Kaboom.js Tutorial!

Kaboom.js Tutorial

(this is targeting older versions of kaboom, some interfaces might have changed, https://github.com/replit/kaboom/releases)

Hello everyone, since we were in the middle of the KABOOM JAM, I decided to write a Kaboom.js tutorial to help all the participants who are willing to give it a try.

First of all, however, I believe you should know what you're learning before you actually start learning it. So, what is kaboom.js?
kaboom.js is a JavaScript library that allows you to create web-based games very easily and in a fun manner.

For this tutorial, we will create a classic snake game (since it's a tutorial, I thought it'd be best to use a game whose concepts are familiar to most people). The final product (don't flame didn't have an artist) is available at - https://replit.com/@TheDrone7/Kaboomjs

Get started

To get started with kaboom.js, we will first create a HTML/CSS/JS Repl.

There are also kaboom repls but we won't be using that since that is specific to repl.it only and you won't be getting all those GUI features at other places. Not to mention that mode also limits your development to just the game and you won't be able to have a backend. That mode is best suited for small games only.

You can also use a node.js repl or a python repl or a repl in any language if you want to make your own backend and add features to the game that would require one but for the sake of simplicity of a tutorial, we won't have one of those.

In the newly created repl, you will see 3 files - index.html, script.js, and style.css. First of all, we will configure the index.html for our basic needs of the game.

  1. Change the value inside the <title> tag to Snake game.

  2. Add the following script tags inside the <body> tag to import kaboom.js
    Note that the following lines of code need to go at the bottom of the body tag but right above the tag that imports script.js.

    Here, the first line of code will import the base library of kaboom.js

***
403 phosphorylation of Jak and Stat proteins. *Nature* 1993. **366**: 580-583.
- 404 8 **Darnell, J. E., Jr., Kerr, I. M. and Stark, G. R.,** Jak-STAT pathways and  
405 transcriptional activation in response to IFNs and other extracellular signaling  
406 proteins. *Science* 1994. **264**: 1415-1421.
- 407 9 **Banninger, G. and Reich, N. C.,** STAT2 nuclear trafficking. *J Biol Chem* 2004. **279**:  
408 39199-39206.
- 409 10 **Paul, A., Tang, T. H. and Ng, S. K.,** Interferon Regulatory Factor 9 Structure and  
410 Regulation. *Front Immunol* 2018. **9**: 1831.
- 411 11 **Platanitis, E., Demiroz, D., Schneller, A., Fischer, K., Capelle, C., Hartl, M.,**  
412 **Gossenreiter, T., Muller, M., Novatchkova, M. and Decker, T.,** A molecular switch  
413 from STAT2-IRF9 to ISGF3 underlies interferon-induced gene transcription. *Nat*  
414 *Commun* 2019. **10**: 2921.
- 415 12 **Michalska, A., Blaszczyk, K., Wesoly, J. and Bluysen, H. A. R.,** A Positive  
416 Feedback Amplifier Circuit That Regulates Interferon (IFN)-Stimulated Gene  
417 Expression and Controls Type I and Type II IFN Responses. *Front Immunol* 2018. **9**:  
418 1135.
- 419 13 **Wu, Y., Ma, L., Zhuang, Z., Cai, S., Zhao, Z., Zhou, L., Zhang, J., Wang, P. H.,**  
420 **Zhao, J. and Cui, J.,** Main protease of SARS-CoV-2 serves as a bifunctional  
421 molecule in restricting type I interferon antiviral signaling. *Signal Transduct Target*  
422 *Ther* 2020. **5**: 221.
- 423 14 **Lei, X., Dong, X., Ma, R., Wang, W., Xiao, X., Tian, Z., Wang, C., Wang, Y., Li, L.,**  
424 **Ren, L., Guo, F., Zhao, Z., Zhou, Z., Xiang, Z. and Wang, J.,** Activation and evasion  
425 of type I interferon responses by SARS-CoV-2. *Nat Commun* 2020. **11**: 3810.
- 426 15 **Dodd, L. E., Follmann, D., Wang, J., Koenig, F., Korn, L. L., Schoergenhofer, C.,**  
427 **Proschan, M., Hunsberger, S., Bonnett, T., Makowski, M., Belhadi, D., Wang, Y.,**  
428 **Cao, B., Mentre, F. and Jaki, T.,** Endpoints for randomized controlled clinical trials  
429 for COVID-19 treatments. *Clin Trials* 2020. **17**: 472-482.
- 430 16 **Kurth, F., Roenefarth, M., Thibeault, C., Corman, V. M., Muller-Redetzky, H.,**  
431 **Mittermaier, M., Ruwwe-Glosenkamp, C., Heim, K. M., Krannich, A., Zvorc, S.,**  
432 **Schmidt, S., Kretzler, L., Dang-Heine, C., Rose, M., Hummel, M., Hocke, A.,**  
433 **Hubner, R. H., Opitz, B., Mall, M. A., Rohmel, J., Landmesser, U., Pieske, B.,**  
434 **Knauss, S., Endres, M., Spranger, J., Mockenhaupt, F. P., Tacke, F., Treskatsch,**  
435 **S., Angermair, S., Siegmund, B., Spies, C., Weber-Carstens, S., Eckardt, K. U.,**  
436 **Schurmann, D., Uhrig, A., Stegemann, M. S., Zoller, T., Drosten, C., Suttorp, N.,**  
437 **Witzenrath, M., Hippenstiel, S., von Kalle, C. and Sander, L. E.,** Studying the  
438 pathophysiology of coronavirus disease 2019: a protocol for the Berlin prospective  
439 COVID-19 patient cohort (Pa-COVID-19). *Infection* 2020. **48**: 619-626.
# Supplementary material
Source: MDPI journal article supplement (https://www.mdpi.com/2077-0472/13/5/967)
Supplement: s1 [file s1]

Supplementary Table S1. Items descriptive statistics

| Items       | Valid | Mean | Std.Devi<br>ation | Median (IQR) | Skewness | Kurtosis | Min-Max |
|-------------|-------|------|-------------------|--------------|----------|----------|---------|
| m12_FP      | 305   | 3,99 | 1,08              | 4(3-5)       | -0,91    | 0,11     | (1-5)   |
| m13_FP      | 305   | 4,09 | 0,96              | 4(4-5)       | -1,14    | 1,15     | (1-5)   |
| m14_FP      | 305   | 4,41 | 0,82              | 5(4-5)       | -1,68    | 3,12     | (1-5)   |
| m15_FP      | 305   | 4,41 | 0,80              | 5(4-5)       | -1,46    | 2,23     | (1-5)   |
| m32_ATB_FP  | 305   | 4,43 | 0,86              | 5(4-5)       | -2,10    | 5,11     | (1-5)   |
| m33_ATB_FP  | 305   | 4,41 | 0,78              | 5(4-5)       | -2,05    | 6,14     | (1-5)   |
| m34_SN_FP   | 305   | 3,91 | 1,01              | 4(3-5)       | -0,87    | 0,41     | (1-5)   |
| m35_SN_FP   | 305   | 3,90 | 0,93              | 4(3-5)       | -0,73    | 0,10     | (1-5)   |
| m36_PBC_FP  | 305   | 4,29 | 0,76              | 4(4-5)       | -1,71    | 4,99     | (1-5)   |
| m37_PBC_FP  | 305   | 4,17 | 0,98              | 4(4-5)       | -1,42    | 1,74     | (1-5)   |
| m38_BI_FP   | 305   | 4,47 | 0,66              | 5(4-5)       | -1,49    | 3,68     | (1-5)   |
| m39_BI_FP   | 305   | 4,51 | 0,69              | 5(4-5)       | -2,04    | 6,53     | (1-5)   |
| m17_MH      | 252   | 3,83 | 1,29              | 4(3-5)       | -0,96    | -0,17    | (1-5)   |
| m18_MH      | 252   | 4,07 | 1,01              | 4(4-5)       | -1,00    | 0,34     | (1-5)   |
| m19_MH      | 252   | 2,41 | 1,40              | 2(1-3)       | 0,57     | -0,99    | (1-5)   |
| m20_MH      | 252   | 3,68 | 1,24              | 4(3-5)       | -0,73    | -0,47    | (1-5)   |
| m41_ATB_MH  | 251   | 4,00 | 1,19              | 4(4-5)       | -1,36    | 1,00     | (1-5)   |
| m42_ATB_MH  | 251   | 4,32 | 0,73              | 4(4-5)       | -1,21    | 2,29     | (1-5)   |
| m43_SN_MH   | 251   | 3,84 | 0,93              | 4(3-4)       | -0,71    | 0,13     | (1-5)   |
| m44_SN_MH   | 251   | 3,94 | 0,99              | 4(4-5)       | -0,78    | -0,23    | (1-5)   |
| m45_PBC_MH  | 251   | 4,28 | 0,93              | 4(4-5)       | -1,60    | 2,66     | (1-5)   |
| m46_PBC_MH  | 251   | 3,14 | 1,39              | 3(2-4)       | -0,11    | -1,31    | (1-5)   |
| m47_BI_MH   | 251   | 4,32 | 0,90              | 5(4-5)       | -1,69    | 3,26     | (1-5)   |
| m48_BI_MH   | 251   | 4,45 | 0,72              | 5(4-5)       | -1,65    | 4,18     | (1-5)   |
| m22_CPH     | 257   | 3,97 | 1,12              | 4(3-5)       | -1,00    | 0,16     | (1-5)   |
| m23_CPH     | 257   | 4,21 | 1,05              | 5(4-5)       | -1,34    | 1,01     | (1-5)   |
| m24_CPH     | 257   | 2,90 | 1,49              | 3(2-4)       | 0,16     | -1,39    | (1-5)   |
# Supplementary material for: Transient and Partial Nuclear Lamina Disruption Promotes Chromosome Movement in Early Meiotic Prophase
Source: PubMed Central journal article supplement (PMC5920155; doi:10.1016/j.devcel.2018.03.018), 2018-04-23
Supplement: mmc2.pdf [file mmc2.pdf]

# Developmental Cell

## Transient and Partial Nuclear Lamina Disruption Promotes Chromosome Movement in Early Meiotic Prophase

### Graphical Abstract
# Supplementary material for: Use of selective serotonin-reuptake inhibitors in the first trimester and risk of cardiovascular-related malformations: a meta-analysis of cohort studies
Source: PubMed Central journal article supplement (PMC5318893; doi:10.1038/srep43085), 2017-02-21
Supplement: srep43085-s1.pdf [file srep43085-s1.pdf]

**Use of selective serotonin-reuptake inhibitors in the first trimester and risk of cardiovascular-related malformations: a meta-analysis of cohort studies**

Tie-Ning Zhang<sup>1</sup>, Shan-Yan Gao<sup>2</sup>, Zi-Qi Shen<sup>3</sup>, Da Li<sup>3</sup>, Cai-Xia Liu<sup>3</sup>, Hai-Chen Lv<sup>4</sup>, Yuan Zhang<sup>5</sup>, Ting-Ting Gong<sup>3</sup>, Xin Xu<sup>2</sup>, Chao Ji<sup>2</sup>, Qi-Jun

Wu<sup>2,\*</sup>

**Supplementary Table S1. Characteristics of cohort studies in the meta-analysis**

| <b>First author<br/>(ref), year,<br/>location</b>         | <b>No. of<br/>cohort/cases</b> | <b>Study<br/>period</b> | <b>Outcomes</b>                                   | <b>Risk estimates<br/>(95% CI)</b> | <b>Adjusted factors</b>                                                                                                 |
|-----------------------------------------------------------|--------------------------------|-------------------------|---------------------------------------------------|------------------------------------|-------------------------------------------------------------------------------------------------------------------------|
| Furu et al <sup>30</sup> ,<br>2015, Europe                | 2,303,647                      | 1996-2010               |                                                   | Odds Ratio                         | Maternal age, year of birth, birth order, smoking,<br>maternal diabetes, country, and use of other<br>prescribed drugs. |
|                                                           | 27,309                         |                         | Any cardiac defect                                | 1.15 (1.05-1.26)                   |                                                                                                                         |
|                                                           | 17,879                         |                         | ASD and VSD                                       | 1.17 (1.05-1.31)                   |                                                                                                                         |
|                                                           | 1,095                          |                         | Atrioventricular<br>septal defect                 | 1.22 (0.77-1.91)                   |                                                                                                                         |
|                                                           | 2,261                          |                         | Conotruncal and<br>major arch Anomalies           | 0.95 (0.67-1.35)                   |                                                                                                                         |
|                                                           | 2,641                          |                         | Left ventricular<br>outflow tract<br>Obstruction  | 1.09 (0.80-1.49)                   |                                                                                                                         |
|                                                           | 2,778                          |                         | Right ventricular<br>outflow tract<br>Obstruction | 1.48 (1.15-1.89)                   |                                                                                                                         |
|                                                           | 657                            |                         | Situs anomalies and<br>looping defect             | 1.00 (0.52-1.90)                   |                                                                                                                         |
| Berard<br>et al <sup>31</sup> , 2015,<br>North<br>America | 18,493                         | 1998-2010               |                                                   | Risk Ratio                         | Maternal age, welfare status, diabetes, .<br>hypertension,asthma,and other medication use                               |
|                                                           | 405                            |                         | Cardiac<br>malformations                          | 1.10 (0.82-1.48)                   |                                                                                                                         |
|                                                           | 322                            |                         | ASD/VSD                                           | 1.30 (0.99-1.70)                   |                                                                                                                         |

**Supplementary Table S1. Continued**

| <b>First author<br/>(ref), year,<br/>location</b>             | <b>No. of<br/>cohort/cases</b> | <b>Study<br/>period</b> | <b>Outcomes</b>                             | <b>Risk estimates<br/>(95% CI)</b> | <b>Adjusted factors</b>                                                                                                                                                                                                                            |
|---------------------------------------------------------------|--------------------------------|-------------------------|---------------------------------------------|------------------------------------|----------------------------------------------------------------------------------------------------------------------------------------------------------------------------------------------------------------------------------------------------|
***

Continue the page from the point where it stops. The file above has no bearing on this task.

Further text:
The next 3 import "kits" that let's just say, "make life easy".

    Your HTML might look similar to this

  1. Now we're ready to use kaboom.js in our project!

Initialize a new game

We have everything set up and are ready to start creating a new game. Kaboom.js is a js library so we will be writing js code so head into your script.js file and follow along!

  1. To access everything kaboom.js has to offer, we first need to create an instance or just make everything global. In our case, we will go with the 2nd choice and inside our script.js, write our first line of code as

    And it will make everything kaboom.js contains global.

  2. Now that we have access to all of kaboom.js, let's get started with actually creating the game! To create a new game, we use the init function that initializes a new canvas for our game. Just below the import line, write the following code.

    This code will initialize a new canvas with its width set to 480px and its height set to 360px.
    The scale factor multiplies all sizes by the provided number.
    In our case, it multiplies all sizes by 2. So our actual canvas will be of the width 960px and height 720px.
    Why we use the scale factor instead of directly setting the width to 960 and height to 720? Because it multiplies all sizes with that factor. What that basically means is, it will also increase the font size and the size of the asset.


Before we get into making the actual game, we will first create a menu to get to learn some more concepts of kaboom.js

Heading back to script.js, after initializing a new game, we will create a new scene. Scenes are usually different parts of a game such as different levels, menus, or game-over screens. In this instance, our first scene will be the menu scene which gives the player 2 options only - Play game and Learn more about Kaboom.

Let us get to it then.

  1. Write the following piece of code at the end of your script.js file

    Now, let's break down what this piece of code is doing. Firstly, we are creating a new scene using the scene() function which takes in 2 parameters:
    The first is the name of the scene, in our case, we call it "menu". We will eventually use this name to tell kaboom which scene to run and when to run it.
    The second parameter is a function that defines what the scene contains and how it works. This function is looped to update the scene as per requirement.